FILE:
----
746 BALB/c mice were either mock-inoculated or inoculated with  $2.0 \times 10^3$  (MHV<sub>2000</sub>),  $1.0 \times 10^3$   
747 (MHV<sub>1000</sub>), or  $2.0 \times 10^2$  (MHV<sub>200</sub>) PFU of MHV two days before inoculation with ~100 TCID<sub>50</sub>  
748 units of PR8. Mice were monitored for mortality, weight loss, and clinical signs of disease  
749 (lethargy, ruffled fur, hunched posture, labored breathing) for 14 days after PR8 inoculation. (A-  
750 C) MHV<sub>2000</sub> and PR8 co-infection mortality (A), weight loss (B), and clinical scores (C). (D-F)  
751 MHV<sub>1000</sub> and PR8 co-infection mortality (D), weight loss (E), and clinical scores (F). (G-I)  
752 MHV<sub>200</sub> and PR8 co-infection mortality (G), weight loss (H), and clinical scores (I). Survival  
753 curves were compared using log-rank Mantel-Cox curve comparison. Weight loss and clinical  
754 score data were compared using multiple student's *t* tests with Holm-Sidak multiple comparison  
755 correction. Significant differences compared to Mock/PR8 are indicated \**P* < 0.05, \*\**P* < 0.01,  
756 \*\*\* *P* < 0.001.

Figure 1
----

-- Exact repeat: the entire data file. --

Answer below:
746 BALB/c mice were either mock-inoculated or inoculated with  $2.0 \times 10^3$  (MHV<sub>2000</sub>),  $1.0 \times 10^3$   
747 (MHV<sub>1000</sub>), or  $2.0 \times 10^2$  (MHV<sub>200</sub>) PFU of MHV two days before inoculation with ~100 TCID<sub>50</sub>  
748 units of PR8. Mice were monitored for mortality, weight loss, and clinical signs of disease  
749 (lethargy, ruffled fur, hunched posture, labored breathing) for 14 days after PR8 inoculation. (A-  
750 C) MHV<sub>2000</sub> and PR8 co-infection mortality (A), weight loss (B), and clinical scores (C). (D-F)  
751 MHV<sub>1000</sub> and PR8 co-infection mortality (D), weight loss (E), and clinical scores (F). (G-I)  
752 MHV<sub>200</sub> and PR8 co-infection mortality (G), weight loss (H), and clinical scores (I). Survival  
753 curves were compared using log-rank Mantel-Cox curve comparison. Weight loss and clinical  
754 score data were compared using multiple student's *t* tests with Holm-Sidak multiple comparison  
755 correction. Significant differences compared to Mock/PR8 are indicated \**P* < 0.05, \*\**P* < 0.01,  
756 \*\*\* *P* < 0.001.

Figure 1